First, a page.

2. God gives them territory.4
Deut 2:5 do not provoke them, for I will not give you any of their land, even [as little as] a footstep because I have given Mount Seir to Esau as a possession.... 9 ...Do not harass Moab, nor provoke them to war, for I will not give you any of their land as a possession, because I have given Ar to the sons of Lot as a possession.
Cf. Acts 17:26b [God] determined the times set for them and the exact places where they should live.
3. God gives them safety.5
Gen 9:8 Then God spoke to Noah and to his sons with him, saying... 11 "I establish My covenant with you; and all flesh shall never again be cut off by the water of the flood, neither shall there again be a flood to destroy the earth." ...19 These three [were] the sons of Noah, and from these the whole earth was populated.

Thursday, January 19, 2017

Gentiles and the Law

Dr. Paul Manuel—2003; revised 2011

God holds gentiles responsible for natural law (particularly the dictates of conscience)—that which He gave to all. This is essentially Paul's assertion.1
Rom 1:18 For the wrath of God is revealed from heaven against all ungodliness and unrighteousness of men who suppress the truth in unrighteousness, 19 because that which is known about God is evident within them; for God made it evident to them.
Rom 2:14 Indeed, when Gentiles, who do not have the law, do by nature things required by the law, they are a law for themselves, even though they do not have the law, 15 since they show that the requirements of the law are written on their hearts, their consciences also bearing witness, and their thoughts now accusing, now even defending them.
God does not hold gentiles responsible for revealed law (an expansion of natural law)2—that which He gave to Israel.3 This is essentially Moses' and the psalmist's assertion.4
Deut 4:8 And what other nation is so great as to have such righteous decrees and laws as this body of laws I am setting before you today?
Ps 147:19 He has revealed his word to Jacob, his laws and decrees to Israel. 20a He has done this for no other nation; they do not know his laws.
Because Israel has greater revelation, it has greater responsibility. As Jesus said,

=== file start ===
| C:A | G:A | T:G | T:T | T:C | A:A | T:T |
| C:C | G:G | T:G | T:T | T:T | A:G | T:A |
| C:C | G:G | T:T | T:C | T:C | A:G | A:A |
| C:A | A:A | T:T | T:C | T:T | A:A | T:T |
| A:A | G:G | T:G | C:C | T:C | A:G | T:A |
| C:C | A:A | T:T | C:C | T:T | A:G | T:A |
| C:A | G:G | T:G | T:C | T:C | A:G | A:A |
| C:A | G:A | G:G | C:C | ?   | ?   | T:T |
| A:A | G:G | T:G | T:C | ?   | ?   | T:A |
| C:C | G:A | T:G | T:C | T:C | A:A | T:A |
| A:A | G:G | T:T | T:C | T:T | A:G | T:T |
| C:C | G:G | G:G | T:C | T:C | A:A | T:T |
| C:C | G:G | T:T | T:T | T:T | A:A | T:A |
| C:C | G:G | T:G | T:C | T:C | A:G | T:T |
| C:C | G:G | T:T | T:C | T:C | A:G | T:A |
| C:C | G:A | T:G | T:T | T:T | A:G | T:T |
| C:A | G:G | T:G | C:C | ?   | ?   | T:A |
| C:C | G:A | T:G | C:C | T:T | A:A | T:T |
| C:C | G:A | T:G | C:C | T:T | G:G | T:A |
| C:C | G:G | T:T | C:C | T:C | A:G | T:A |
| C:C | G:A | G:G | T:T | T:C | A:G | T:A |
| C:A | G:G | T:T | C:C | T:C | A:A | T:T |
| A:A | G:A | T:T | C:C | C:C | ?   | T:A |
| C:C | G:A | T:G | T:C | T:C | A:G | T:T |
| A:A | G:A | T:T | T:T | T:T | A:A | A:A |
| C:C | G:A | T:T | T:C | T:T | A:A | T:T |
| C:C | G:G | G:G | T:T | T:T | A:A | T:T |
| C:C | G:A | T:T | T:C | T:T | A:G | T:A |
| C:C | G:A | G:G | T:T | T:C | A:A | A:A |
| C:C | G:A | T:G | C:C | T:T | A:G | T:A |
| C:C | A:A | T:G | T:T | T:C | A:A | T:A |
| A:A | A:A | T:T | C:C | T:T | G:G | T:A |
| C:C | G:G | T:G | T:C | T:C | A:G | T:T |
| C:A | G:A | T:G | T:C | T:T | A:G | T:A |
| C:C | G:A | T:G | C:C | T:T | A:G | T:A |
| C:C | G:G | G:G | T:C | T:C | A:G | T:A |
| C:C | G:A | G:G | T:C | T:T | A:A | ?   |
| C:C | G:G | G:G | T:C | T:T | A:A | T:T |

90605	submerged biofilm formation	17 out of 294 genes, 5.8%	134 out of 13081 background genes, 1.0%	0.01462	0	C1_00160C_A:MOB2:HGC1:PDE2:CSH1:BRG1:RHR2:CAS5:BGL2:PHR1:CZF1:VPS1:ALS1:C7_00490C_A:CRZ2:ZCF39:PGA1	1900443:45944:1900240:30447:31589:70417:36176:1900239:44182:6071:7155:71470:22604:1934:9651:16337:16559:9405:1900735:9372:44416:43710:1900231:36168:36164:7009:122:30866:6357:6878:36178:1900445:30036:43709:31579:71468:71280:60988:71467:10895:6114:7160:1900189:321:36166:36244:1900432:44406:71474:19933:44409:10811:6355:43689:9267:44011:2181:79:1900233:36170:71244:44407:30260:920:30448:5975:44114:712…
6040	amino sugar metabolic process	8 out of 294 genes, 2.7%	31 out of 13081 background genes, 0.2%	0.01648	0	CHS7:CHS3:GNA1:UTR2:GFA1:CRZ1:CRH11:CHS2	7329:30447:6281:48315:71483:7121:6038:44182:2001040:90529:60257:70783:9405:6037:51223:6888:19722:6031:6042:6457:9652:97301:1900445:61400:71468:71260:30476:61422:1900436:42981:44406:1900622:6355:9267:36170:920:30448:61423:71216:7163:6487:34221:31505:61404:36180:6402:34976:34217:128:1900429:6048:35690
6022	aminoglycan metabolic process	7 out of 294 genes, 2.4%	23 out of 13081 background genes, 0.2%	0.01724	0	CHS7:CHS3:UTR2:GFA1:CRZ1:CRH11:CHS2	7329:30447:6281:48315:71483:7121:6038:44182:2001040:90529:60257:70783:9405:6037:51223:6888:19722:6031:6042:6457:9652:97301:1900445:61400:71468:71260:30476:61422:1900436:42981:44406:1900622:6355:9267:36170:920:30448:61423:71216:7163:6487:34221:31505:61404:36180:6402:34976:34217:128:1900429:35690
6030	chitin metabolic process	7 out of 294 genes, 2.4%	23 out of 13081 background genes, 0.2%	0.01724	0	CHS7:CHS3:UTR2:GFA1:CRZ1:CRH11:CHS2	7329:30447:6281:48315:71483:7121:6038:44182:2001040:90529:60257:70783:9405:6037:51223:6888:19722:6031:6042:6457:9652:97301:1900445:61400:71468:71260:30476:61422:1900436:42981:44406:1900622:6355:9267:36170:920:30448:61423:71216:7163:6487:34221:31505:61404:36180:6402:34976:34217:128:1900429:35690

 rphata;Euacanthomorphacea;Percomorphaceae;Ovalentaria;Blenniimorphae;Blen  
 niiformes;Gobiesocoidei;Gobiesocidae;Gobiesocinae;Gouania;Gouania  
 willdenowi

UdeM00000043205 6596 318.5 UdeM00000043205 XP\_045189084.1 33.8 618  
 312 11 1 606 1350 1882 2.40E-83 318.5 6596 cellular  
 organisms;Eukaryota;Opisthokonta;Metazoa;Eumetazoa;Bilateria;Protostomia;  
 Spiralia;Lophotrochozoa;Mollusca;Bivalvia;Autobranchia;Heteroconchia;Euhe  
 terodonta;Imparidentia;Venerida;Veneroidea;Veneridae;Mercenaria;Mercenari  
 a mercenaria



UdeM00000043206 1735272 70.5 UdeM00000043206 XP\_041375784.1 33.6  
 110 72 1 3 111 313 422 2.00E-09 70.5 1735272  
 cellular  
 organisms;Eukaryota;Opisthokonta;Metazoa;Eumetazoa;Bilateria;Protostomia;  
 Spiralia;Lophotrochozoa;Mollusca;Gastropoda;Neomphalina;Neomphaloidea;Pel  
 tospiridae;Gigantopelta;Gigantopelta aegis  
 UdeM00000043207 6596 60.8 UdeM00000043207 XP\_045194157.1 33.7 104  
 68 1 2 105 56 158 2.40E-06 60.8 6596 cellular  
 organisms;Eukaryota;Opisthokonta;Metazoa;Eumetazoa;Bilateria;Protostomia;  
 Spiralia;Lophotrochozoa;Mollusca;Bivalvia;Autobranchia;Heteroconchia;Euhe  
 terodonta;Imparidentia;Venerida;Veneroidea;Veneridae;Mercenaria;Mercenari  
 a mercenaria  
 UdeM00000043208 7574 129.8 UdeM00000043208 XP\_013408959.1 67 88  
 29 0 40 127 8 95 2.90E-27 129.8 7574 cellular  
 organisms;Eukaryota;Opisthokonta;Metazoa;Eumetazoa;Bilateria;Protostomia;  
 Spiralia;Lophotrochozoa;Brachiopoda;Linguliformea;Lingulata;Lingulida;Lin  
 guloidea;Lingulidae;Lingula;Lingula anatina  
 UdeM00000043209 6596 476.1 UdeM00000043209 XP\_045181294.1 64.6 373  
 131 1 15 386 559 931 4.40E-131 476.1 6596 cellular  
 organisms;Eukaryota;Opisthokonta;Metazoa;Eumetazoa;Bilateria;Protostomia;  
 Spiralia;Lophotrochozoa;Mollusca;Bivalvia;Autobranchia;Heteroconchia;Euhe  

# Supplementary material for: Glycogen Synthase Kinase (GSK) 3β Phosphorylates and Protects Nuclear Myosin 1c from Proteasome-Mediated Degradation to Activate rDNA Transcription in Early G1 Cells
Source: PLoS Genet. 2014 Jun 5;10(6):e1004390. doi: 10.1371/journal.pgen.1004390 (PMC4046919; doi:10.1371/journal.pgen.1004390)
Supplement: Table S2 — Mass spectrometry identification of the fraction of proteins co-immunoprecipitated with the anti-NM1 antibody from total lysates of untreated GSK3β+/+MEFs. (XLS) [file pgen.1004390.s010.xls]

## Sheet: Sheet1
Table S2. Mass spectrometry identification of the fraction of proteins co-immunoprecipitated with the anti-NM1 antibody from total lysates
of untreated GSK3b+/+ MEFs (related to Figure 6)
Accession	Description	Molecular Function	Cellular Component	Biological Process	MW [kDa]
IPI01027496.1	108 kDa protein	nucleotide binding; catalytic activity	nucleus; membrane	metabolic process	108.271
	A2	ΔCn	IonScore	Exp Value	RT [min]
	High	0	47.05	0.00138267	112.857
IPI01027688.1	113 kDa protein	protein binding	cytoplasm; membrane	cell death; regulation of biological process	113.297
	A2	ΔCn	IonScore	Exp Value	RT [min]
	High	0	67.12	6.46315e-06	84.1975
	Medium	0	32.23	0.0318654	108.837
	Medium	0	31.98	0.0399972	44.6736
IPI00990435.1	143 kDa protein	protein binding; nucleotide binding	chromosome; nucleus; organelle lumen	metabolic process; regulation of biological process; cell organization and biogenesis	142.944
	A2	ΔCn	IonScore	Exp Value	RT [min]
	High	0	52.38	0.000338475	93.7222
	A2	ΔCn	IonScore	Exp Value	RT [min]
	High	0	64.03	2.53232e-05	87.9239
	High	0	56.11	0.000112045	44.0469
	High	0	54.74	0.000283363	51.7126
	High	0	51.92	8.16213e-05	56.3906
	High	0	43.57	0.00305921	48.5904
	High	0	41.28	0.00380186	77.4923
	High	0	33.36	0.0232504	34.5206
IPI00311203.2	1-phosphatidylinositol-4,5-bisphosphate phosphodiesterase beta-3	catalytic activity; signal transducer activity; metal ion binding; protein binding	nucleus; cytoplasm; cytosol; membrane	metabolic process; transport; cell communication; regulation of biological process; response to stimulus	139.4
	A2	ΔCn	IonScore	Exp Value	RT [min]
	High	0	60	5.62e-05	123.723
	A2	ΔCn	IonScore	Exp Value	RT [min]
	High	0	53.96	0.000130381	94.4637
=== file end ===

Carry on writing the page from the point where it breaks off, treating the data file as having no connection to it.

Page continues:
Luke 12:48b From everyone who has been given much, much will be demanded; and from the one who has been entrusted with much, much more will be asked.
Nevertheless, non-Jews are far from exempt.

Gentile violations of universal prohibitions often elicit condemnation in the Bible, especially in the prophets. God censures the nations for violating natural law, the social norms of ethical behavior.5
  • Syria: Do not destroy an enemy once you have defeated him.
Amos 1:3 ...Damascus...threshed Gilead with sledges having iron teeth,
  • Philistia: Do not engage in slave commerce.
Amos 1:6 ...Gaza...took captive whole communities and sold them to Edom,
  • Lebanon: Do not break a treaty.
Amos 1:9 ...Tyre...sold whole communities of captives to Edom, disregarding a treaty of brotherhood,
  • Edom: Do not show cruelty to relatives.
Amos 1:11 ...Edom...pursued his brother with a sword, stifling all compassion, because his anger raged continually and his fury flamed unchecked,

Wednesday, January 18, 2017

The Roman Road

Dr. Paul Manuel—2005

One of the most notable achievements of the Roman Empire was a highway system that connected major cities throughout the region. A similar interconnectivity also characterizes Paul's epistle to the Roman church, as he describes elements of God's plan for man's salvation. A collection of passages
from that letter, popularly called "The Roman Road," offers a systematic way to understand and present major elements of the gospel. Many people think they will go to heaven because they have lived a good life or because they have fulfilled some religious obligation. God's standard, though, is higher than we can reach, so we need a way to God that depends not on our goodness but solely on His grace. Below are several signposts on the road to salvation, directing us to a relationship with Him.
  • The existence of God
Rom 1:20 ...since the creation of the world His invisible attributes, His eternal power and divine nature, have been clearly seen, being understood through what has been made, so that they are without excuse.
We must recognize that God is the Creator of everything and that we are part of His creation.
  • The glory of God
Rom 3:10 is written, "There is none righteous, not even one" ...23 for all have sinned and fall short of the glory of God.
No matter how good we may think we are or try to be, we cannot meet the perfect standard of God's own character. We are sinful and need His forgiveness.
  • The power of God
Rom 1:16 ...I am not ashamed of the gospel, for it is the power of God for salvation to everyone who believes, to the Jew first and also to the Greek.
God is able to solve our problem, which He has done, and He makes that solution available to whoever accepts it in faith.
  • The goodness of God
Rom 2:4 you think lightly of the riches of His kindness and tolerance and patience, not knowing that the kindness of God leads you to repentance?
Realizing the benevolence of God should compel us to change the direction of our lives and turn to Him.
  • The love of God
Rom 5:8 ...God demonstrates His own love toward us, in that while we were yet sinners, Christ died for us.